Tag Archives: puppy mills

Chef Joey just adopted another shelter pup!


This makes three adorable little dogs for Joey! (Vinny and Abby are pups #1 and #2.) This sweetie’s a boy and eight weeks old! Joey hasn’t named him yet – that’s how new he is to Chef Joey’s “pack”!

Go, Chef Joey, go!

Go, little dog, go!

– R.T.

Pic: Chef Joey

One dog’s story

By Jennifer O’Connor

(To see the wonderful dogs up for adoption at the Worcester Animal Rescue League on Holden Street, click here ! Got my Jett at WARL! – R.T.)

October was “Adopt a Shelter Dog” Month, and it’s also the month when I won the rescue lottery. Although the details of Bruce’s first years are murky, we do know that he had been confined to a cage in a Pennsylvania puppy mill for two years. The facility was churning out English bulldogs and boxers as if they were on an assembly line. Bruce didn’t know what a toy was—or a walk or a treat. He was 20 pounds underweight, infested with fleas and so filthy that it took two baths before we knew what color he was. The pads of his feet had the texture of jelly.

A rescue group had taken on many of the puppy mill’s “rejects,” dogs who had been bred so many times that they had the disconnected demeanor of long-term asylum patients or had developed neurotic cage spins—running mad, endless “laps” inside their cramped cages.

At first, a loud sneeze could reduce Bruce to a quivering mass of fur, and it was weeks before he could walk without pain and stiffness. But watching this wonderful dog blossom into a confident, cherished family member has been a sheer joy. Now Bruce struts down the street and picks and chooses his toys. When people compliment him, I take the opportunity to talk to them about the hideous puppy-mill industry and to encourage those who are ready to share their lives with a dog or cat to adopt from a shelter, rather than buying from a store.

Bruce is an English bulldog, a funny-faced, personable breed that many find appealing. But these dogs have paid a heavy price for generations of inbreeding and genetic manipulation. Prone to breathing and joint problems as well as to ear and eye infections, these dogs can be costly to care for, and many people who “had to” have them end up discarding them like last year’s shoes.

But for those who are committed to sharing their lives with one of these comical dogs, rescue groups are full of English bulldogs waiting to be adopted. In fact, there are rescue groups for every breed there is—including English bulldogs—and for all the marvelous mutts who can’t wait to be a part of your family. There’s not a single justifiable reason to buy a dog from a pet shop or a breeder.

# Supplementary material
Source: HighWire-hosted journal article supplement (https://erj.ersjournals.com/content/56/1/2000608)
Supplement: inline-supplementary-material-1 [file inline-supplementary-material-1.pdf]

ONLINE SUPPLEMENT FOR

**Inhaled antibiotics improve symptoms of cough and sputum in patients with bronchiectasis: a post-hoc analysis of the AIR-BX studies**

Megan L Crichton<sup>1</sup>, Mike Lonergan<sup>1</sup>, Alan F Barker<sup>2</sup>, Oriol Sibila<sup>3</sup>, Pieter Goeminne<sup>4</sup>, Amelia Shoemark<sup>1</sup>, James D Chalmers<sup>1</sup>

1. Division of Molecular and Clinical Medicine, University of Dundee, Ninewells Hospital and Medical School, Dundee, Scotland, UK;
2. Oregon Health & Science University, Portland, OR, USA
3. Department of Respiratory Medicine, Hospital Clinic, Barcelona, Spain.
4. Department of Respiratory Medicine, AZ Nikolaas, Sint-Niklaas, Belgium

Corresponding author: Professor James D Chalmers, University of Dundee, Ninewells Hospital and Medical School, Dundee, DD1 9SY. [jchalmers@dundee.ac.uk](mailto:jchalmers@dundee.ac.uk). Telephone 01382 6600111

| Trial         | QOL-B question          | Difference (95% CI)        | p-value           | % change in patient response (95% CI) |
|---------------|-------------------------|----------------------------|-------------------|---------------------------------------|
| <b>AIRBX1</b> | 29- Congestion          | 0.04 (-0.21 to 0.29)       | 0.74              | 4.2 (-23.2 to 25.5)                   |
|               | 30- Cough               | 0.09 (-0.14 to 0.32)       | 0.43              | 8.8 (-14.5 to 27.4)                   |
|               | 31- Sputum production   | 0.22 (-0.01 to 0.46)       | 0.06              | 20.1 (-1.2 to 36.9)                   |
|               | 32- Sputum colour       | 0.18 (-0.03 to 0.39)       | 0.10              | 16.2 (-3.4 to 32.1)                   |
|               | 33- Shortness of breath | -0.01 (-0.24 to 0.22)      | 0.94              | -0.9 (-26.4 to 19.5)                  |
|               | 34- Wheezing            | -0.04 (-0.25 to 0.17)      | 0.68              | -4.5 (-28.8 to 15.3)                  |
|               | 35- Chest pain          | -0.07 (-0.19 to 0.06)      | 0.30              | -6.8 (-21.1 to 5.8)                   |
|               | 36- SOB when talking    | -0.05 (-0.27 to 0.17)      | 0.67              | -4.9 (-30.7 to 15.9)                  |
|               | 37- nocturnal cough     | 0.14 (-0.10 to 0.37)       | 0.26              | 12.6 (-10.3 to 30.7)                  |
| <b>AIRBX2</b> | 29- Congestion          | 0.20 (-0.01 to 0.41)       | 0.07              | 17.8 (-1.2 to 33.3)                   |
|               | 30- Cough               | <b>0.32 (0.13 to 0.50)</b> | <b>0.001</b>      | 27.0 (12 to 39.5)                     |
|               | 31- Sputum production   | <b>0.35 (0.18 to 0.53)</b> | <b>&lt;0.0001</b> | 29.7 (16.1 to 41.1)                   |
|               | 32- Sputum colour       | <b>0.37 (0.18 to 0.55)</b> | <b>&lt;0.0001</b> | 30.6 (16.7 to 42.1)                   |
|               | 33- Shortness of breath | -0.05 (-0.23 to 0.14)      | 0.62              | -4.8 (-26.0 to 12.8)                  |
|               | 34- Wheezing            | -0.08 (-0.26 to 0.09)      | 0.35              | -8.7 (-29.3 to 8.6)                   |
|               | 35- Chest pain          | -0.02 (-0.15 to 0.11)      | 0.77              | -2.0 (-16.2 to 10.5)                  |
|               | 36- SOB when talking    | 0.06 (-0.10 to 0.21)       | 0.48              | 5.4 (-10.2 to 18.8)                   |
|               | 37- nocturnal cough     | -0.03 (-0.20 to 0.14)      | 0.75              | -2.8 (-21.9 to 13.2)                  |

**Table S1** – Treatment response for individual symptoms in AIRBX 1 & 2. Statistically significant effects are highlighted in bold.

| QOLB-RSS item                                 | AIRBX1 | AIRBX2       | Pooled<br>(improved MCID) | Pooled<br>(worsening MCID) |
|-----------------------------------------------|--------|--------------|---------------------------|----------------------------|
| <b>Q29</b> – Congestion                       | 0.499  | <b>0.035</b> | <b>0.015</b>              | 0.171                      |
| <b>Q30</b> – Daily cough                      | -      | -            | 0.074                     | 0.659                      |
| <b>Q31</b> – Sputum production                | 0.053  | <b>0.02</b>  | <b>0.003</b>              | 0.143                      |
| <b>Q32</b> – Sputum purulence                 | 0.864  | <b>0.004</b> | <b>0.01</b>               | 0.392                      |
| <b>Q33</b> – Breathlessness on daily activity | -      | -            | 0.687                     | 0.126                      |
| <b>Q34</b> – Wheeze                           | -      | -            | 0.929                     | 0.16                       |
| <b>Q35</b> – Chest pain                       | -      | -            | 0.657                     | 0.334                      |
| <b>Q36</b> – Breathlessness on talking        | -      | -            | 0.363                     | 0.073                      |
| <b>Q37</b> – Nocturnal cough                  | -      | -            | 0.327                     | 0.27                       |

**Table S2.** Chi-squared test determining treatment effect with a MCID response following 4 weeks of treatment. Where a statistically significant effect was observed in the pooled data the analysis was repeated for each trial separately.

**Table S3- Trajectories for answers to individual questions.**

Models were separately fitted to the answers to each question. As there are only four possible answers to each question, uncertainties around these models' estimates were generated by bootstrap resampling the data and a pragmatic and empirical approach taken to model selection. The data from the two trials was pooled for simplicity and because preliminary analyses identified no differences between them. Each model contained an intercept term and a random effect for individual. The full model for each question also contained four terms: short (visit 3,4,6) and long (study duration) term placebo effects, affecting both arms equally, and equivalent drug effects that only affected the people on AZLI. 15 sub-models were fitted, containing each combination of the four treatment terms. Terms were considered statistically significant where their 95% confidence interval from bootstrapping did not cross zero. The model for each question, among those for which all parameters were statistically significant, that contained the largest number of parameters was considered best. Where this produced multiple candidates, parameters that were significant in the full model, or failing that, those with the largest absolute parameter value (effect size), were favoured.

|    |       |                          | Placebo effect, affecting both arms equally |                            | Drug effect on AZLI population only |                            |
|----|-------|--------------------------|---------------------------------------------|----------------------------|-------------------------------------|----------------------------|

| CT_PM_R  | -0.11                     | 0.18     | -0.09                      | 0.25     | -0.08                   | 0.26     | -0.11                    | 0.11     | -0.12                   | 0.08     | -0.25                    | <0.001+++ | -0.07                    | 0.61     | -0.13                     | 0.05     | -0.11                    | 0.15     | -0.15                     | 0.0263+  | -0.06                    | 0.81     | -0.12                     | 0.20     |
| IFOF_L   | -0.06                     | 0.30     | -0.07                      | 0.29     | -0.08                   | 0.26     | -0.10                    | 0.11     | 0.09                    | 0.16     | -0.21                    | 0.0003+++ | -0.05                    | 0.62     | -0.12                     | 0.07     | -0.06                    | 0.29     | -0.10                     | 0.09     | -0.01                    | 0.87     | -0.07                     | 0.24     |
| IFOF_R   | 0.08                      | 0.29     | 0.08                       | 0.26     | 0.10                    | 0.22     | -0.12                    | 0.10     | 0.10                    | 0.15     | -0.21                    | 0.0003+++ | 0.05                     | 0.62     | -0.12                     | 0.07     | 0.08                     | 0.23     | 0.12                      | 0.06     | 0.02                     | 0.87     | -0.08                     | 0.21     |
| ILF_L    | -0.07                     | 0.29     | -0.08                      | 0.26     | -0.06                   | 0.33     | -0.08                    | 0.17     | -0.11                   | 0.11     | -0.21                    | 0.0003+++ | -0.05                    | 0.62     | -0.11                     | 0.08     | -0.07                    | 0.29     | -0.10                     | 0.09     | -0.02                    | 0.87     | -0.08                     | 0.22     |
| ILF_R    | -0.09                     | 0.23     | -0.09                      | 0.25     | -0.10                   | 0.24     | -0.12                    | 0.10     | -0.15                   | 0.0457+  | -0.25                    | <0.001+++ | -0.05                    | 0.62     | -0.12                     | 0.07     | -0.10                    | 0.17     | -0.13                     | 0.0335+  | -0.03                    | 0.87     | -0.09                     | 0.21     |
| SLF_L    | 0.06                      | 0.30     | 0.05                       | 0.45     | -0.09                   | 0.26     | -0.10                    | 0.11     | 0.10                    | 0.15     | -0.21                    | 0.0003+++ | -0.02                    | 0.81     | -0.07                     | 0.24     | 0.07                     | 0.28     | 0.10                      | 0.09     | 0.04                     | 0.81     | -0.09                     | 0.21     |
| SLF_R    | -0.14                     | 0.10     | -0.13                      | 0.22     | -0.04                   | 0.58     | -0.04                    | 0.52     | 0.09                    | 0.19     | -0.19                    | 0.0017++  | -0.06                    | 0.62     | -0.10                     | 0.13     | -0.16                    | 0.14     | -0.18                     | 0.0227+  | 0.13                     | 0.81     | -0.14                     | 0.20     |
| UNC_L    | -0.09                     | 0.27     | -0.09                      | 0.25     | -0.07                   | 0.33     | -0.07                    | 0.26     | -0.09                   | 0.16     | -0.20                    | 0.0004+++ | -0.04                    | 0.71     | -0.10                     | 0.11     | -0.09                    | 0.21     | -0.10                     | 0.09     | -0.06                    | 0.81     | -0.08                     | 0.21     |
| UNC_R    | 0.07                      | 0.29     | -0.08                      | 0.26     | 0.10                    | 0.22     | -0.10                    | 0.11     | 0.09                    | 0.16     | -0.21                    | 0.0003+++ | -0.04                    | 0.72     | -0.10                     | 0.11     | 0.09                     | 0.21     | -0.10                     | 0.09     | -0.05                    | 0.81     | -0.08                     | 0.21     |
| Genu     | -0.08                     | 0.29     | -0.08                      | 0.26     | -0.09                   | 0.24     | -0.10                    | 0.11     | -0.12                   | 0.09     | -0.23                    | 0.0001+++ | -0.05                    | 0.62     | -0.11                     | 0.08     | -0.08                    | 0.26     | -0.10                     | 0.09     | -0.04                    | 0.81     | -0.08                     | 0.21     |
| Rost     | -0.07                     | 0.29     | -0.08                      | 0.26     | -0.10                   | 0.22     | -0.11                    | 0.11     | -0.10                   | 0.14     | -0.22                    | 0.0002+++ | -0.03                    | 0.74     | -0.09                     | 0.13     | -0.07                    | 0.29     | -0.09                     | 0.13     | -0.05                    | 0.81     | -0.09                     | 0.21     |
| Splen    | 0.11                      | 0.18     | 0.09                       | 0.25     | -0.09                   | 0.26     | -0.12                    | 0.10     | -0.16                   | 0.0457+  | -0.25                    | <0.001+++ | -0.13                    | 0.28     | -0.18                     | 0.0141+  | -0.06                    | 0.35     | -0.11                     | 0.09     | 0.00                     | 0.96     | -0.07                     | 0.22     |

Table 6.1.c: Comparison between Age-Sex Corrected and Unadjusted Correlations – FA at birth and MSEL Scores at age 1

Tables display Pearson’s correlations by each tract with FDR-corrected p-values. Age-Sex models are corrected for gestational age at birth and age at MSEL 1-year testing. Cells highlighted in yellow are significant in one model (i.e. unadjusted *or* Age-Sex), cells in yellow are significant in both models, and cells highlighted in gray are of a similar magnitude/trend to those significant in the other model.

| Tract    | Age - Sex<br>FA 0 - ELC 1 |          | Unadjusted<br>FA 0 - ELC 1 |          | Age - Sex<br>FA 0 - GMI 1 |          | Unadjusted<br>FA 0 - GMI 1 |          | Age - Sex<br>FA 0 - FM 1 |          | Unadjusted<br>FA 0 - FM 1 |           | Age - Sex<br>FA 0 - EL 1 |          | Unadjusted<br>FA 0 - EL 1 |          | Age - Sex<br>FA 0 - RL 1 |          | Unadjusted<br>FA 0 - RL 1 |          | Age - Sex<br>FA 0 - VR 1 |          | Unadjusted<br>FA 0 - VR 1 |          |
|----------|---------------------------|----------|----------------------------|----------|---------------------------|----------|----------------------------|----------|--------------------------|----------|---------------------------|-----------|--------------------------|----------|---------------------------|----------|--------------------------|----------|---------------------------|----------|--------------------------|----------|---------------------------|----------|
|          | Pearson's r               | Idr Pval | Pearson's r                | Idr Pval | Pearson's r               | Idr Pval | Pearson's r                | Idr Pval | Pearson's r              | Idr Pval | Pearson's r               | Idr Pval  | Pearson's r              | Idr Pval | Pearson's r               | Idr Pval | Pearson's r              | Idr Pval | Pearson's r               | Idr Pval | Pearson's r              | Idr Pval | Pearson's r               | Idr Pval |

Every dog bred by a breeder means another dog is doomed. Every dog purchased at a pet store means a miserable life inside a puppy-mill cage for another.

Mass-produced dogs usually mean massive health problems. Profit is the goal, not good care or quality veterinary attention. There have been so many buyers who have incurred massive veterinary bills from treating a dog or cat who was purchased at a store that 16 states have passed pet store “lemon laws.” And in many cases, people simply won’t spend the money for needed vet care, so these dogs end up in shelters. And the cycle continues.

Bruce wakes up every morning with a grin and a ready-to-take-on-the-day attitude. He makes us happy every day. We hope the bad old days are nothing more than a faded memory for him. When we tell people Bruce’s story, they almost inevitably say, “Oh, he’s so lucky.” But they’re wrong. I’m the lucky one. Adopting Bruce and getting to share my life with him is one of the best things that has ever happened to me and my family. By adopting an animal in need of a loving home, it can happen to you, too.

For Two Economists, the Buffett Rule Is Just a Start

From The New York Times:


Other great stories from the Inter-web!!  – R.T.





It’s up to us to stop puppy mills (Don’t buy puppies at pet stores or on-line!)

By Lindsay Pollard-Post

Dogs are suffering and dying in puppy mills across the country, but the agency in charge of regulating animal breeding facilities is doing next to nothing to help these dogs, according to an eye-opening report just released by the U.S. Department of Agriculture’s inspector general. In one Oklahoma puppy mill, inspectors found five dead dogs lying among other dogs who were so starved that they were cannibalizing their cage mates. The USDA didn’t rescue the survivors, and 22 more dogs perished.

Dogs in other puppy mills were found living on piles of feces. Some dogs were crawling with ticks and suffering from open wounds, but puppy mill operators were rarely penalized for first offenses—even serious ones—and repeat offenders were frequently let off the hook. Continue reading It’s up to us to stop puppy mills (Don’t buy puppies at pet stores or on-line!)

This Christmas, just say ‘No’

By Lindsay Pollard-Post

Who hasn’t had the experience of receiving a Christmas gift that they didn’t really want? An embarrassing reindeer sweater from Aunt Edna, a useless as-seen-on-TV gadget or a tacky tie are easy enough to return, re-gift or toss in the attic and forget. But when someone makes the mistake of giving a living, breathing, feeling animal as a “gift,” the consequences can be disastrous.

In the days, weeks and months following the holidays, animal shelters across the country are flooded with animals who were given as “gifts,” only to be tossed out like last year’s fruitcake when the novelty wore off or when their guardians discovered that caring for rambunctious puppies and kittens is a full-time job. Continue reading This Christmas, just say ‘No’